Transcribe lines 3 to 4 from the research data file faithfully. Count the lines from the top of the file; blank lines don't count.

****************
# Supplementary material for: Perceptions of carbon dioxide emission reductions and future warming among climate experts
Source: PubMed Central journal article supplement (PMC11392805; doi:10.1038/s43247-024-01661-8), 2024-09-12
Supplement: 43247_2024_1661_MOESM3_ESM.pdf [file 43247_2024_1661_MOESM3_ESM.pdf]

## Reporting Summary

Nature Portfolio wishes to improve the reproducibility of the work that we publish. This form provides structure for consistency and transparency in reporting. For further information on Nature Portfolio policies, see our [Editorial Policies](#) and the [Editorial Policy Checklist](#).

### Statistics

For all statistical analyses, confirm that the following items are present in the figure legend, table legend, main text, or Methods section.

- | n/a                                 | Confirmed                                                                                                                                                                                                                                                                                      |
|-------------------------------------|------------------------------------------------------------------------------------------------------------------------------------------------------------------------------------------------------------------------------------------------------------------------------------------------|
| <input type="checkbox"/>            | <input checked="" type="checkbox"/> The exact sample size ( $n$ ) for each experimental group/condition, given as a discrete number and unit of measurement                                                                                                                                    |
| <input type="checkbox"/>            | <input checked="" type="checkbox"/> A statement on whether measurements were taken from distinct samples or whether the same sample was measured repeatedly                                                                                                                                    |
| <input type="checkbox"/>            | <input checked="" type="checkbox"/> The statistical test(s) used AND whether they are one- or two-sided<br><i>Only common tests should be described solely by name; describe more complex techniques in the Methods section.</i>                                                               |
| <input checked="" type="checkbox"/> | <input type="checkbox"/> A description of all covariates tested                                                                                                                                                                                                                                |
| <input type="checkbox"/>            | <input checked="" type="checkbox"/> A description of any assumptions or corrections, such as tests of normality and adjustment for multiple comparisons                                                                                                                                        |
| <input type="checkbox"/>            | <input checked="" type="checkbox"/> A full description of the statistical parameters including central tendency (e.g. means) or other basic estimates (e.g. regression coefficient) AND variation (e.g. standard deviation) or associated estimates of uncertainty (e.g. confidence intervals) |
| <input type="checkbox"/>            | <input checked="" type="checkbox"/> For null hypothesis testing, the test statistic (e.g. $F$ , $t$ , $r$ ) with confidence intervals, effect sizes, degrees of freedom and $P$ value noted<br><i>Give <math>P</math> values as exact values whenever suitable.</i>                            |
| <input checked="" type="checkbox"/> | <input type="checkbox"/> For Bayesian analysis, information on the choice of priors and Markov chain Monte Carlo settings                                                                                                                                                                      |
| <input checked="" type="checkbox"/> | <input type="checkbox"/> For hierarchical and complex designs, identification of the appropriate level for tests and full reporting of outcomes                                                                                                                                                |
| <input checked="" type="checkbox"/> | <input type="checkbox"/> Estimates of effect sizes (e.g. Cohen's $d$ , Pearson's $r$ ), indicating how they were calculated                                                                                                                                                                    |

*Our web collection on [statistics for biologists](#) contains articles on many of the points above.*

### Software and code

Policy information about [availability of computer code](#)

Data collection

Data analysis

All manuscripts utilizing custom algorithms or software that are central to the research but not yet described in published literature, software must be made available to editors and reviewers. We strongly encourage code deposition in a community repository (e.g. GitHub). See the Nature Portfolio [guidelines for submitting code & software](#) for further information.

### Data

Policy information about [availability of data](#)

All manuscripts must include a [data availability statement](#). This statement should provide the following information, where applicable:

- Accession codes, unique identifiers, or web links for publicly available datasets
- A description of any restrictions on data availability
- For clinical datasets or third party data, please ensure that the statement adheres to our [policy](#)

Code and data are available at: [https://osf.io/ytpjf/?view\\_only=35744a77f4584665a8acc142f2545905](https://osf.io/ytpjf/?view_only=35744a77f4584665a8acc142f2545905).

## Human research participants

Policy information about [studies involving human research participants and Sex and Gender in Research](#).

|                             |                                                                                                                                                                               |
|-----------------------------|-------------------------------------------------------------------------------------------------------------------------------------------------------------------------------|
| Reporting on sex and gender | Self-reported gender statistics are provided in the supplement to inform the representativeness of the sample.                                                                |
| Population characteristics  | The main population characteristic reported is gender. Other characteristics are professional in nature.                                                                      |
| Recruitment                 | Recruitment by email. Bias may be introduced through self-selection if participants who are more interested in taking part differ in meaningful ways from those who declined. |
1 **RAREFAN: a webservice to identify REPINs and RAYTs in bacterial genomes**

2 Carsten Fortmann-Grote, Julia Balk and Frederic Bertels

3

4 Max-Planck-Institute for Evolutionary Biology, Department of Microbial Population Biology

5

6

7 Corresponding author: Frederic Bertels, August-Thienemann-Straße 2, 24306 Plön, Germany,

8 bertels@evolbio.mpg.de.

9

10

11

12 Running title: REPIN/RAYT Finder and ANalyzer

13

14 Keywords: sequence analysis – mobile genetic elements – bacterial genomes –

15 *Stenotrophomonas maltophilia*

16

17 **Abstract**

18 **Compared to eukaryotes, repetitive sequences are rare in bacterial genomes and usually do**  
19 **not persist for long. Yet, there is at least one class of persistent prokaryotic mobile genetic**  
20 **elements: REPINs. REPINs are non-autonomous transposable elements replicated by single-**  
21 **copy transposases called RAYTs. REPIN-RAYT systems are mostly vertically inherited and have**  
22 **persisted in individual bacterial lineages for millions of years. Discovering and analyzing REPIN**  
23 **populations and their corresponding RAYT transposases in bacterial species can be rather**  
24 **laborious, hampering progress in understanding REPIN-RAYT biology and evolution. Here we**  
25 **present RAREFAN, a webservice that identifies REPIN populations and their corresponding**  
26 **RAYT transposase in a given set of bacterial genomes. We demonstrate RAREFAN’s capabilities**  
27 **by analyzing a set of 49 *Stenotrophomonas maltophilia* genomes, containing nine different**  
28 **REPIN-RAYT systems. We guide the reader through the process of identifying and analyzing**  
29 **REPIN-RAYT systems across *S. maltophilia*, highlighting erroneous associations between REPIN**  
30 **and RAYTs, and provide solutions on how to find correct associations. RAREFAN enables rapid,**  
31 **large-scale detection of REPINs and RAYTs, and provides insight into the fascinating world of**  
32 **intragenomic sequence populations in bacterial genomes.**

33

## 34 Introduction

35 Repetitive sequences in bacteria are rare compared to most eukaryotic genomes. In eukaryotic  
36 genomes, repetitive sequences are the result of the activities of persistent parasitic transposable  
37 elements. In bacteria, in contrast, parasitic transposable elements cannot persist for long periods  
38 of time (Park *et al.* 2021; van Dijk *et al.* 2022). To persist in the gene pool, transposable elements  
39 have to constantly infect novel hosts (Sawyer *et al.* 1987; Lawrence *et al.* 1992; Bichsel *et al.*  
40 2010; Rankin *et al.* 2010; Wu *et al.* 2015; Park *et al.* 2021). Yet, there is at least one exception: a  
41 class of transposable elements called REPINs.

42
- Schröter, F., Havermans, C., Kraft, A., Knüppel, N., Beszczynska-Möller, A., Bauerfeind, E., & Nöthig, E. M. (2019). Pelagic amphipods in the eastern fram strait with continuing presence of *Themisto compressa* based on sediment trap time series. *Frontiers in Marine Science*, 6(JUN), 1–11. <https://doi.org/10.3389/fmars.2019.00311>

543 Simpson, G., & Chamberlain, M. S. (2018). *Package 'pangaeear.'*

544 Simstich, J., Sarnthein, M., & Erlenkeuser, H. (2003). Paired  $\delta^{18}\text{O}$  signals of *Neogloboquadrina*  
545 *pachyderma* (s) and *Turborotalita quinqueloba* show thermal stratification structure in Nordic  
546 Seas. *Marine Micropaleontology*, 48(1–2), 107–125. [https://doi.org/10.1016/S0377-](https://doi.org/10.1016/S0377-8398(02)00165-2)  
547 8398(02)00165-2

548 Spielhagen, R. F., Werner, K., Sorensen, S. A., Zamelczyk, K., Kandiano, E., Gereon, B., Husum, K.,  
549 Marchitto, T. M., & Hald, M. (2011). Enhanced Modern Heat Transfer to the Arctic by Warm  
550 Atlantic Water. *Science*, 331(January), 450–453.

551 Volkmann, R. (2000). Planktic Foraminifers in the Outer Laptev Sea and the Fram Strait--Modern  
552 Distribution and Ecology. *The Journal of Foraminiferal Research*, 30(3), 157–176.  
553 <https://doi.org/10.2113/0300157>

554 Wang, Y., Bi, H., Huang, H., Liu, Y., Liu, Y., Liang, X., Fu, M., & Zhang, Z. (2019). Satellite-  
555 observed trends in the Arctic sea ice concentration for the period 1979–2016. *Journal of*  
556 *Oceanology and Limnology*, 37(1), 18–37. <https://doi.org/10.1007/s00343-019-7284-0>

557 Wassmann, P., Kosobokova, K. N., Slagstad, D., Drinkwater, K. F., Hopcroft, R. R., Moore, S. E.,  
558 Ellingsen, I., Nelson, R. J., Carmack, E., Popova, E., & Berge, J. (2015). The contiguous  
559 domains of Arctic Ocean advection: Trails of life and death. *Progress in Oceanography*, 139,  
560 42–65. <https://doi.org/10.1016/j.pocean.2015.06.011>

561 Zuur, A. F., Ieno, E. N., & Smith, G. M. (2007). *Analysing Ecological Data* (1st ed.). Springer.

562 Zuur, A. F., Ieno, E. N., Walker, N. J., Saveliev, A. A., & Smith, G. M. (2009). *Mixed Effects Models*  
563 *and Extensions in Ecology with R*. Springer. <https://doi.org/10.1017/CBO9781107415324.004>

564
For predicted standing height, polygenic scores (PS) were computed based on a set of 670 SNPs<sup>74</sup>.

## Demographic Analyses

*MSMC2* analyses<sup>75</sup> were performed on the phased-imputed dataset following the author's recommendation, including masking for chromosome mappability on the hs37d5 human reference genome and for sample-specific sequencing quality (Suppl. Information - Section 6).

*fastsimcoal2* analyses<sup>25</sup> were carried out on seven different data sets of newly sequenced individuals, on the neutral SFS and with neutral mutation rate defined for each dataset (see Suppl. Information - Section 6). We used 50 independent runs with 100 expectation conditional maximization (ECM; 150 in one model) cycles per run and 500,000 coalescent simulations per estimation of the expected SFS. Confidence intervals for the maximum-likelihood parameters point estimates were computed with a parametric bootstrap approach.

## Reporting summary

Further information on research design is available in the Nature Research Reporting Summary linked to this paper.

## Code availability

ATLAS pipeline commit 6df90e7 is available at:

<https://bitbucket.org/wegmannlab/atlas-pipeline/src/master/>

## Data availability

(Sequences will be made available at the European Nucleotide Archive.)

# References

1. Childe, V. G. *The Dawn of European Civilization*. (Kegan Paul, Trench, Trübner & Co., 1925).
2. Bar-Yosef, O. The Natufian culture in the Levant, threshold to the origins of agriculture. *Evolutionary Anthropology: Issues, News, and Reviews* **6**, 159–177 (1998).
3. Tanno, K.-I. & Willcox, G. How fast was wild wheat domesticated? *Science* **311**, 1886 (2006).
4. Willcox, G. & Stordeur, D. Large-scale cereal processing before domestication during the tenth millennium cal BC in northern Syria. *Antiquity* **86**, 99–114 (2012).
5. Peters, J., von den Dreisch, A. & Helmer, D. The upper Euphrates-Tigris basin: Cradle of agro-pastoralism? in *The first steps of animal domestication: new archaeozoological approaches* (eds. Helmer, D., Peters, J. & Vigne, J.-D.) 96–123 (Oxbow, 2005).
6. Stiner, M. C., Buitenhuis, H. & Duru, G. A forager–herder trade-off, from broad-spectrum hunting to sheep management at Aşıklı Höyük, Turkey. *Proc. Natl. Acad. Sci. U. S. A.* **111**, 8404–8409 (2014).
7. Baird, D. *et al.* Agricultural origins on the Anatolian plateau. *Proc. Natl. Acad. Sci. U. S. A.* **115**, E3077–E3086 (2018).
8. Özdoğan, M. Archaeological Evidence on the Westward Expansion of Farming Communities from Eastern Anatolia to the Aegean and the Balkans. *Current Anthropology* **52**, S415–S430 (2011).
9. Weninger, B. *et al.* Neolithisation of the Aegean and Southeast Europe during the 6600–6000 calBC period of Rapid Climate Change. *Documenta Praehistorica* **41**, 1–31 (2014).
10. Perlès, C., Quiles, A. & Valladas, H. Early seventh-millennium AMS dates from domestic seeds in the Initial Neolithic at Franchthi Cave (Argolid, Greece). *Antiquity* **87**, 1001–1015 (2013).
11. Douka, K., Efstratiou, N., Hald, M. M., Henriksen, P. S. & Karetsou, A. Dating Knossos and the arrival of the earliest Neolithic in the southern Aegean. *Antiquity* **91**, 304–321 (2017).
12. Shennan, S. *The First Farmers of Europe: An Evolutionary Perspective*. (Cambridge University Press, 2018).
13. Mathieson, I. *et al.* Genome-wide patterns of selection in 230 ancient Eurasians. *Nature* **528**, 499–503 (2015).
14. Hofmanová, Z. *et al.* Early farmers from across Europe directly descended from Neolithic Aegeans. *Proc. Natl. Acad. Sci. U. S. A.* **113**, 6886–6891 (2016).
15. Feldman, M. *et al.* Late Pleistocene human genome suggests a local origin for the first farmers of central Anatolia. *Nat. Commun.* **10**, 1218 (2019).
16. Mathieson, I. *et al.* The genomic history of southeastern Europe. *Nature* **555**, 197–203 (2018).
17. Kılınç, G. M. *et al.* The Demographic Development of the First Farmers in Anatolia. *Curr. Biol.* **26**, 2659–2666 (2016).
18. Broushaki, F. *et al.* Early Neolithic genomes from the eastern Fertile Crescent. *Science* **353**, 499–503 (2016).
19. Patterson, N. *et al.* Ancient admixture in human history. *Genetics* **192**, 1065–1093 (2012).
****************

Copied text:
Supplement: 43247_2024_1661_MOESM3_ESM.pdf [file 43247_2024_1661_MOESM3_ESM.pdf]

## Reporting Summary